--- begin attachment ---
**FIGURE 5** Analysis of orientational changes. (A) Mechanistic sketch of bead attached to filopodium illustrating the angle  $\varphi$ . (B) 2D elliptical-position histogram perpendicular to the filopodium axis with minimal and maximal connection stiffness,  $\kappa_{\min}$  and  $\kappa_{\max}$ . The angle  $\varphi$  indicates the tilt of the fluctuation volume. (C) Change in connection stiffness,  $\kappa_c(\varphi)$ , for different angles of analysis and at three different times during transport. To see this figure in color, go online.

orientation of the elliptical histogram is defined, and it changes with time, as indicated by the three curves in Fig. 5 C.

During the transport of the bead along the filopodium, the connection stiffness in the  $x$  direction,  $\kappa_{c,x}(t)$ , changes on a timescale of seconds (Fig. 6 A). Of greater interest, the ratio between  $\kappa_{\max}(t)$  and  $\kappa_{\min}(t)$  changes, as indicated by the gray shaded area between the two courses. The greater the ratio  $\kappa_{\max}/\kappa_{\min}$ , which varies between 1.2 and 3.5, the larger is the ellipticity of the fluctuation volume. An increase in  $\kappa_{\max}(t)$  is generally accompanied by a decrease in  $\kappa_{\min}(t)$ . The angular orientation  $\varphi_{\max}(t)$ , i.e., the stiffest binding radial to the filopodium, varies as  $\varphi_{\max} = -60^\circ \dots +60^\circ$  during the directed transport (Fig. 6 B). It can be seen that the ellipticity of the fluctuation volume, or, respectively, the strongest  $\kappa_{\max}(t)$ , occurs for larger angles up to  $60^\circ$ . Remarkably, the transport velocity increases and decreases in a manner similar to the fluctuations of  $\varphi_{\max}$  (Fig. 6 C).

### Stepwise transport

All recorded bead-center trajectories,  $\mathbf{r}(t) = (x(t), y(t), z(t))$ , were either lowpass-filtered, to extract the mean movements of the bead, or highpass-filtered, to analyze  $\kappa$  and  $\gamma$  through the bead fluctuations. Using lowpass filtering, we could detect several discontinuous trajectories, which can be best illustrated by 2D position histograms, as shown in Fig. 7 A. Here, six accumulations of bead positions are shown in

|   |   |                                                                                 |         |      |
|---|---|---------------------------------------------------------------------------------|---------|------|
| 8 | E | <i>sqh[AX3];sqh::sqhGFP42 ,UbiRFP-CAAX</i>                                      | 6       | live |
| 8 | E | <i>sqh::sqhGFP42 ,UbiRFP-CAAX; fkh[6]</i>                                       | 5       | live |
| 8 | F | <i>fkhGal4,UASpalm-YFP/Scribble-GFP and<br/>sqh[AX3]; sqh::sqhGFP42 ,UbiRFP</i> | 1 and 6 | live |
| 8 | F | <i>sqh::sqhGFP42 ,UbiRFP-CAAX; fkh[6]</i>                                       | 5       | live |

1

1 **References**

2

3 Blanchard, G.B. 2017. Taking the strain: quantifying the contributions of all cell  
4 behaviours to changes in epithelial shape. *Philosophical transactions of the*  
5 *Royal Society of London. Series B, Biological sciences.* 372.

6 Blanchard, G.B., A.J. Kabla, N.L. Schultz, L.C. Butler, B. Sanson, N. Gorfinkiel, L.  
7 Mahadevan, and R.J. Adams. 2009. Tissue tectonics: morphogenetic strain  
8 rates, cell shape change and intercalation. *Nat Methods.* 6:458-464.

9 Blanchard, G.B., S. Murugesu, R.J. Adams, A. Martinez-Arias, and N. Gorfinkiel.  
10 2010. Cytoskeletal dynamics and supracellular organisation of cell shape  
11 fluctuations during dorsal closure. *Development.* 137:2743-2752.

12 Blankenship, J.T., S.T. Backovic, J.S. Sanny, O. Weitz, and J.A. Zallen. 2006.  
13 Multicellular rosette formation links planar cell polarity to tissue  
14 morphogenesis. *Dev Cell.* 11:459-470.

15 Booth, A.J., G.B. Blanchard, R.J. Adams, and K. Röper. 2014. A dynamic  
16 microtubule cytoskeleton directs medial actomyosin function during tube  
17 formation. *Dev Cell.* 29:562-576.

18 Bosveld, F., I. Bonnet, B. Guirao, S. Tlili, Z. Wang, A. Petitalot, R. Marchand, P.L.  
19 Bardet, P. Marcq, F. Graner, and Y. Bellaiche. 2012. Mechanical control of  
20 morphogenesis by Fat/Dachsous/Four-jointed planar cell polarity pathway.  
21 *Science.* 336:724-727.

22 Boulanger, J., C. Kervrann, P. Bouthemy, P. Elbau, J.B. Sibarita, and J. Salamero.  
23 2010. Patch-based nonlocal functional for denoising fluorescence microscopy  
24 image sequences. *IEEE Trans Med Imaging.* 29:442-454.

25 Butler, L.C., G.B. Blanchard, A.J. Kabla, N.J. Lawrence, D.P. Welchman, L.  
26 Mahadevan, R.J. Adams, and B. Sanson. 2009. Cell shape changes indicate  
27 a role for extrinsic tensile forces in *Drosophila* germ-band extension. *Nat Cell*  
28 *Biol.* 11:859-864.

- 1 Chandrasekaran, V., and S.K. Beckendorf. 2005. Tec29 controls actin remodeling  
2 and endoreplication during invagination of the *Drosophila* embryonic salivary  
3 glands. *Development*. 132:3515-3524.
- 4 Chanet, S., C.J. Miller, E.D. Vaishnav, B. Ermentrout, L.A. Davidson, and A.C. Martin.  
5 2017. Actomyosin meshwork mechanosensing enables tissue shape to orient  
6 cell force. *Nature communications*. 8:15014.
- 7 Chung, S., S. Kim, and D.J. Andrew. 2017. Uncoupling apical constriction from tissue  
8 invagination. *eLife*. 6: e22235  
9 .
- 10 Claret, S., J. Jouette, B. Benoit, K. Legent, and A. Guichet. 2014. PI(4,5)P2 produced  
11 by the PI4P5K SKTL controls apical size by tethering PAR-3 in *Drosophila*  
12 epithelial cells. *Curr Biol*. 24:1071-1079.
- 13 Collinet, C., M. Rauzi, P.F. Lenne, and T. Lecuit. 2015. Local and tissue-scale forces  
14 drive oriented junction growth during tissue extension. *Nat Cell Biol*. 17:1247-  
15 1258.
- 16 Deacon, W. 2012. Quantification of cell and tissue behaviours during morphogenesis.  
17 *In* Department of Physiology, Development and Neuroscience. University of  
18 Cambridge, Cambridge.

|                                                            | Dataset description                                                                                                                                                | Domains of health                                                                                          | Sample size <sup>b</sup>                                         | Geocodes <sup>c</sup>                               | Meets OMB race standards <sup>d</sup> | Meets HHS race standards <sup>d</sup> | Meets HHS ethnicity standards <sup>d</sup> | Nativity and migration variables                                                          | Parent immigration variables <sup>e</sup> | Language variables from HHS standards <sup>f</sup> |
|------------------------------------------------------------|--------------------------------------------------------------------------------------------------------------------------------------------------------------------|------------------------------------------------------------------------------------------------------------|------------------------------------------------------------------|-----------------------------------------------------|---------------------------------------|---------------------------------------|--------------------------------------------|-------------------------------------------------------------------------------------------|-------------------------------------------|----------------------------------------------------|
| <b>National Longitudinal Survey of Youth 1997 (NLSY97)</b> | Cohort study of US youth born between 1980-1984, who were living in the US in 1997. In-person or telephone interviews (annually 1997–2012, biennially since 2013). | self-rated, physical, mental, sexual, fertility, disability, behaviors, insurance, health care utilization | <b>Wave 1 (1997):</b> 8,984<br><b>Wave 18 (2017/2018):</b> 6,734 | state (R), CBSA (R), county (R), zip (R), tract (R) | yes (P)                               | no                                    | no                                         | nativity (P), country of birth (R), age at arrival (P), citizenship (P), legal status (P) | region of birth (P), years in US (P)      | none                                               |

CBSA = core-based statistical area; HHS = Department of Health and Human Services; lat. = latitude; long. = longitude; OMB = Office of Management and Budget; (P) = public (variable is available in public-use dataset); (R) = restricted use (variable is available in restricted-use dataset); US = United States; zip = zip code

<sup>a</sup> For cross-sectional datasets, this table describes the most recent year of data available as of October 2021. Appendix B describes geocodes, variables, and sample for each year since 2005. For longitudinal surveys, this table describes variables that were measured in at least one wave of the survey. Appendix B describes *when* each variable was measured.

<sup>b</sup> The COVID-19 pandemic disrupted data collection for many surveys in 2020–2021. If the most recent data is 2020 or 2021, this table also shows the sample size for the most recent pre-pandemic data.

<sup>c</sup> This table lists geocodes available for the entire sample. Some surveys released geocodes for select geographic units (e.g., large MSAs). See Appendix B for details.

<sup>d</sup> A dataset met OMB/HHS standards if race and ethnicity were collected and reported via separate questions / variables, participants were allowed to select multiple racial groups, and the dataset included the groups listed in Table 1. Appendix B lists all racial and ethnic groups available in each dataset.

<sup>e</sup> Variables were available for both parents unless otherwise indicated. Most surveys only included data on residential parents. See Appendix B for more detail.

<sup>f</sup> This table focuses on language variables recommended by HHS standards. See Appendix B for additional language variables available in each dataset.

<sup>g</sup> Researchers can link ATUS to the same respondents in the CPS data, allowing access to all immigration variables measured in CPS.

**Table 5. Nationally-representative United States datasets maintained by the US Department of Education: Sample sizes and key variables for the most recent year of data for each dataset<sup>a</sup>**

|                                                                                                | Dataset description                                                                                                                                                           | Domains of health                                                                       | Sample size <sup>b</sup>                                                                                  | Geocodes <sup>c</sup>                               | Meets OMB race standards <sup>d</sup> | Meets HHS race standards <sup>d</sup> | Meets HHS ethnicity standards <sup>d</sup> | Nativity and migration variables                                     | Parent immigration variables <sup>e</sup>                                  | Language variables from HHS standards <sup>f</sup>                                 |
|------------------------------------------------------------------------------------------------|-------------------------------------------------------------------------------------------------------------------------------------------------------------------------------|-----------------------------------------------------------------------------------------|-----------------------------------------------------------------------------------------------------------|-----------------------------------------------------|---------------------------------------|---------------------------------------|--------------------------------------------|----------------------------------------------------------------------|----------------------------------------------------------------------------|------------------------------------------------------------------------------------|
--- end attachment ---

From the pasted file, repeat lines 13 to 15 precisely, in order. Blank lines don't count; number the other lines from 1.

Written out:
1 **References**

2

3 Blanchard, G.B. 2017. Taking the strain: quantifying the contributions of all cell  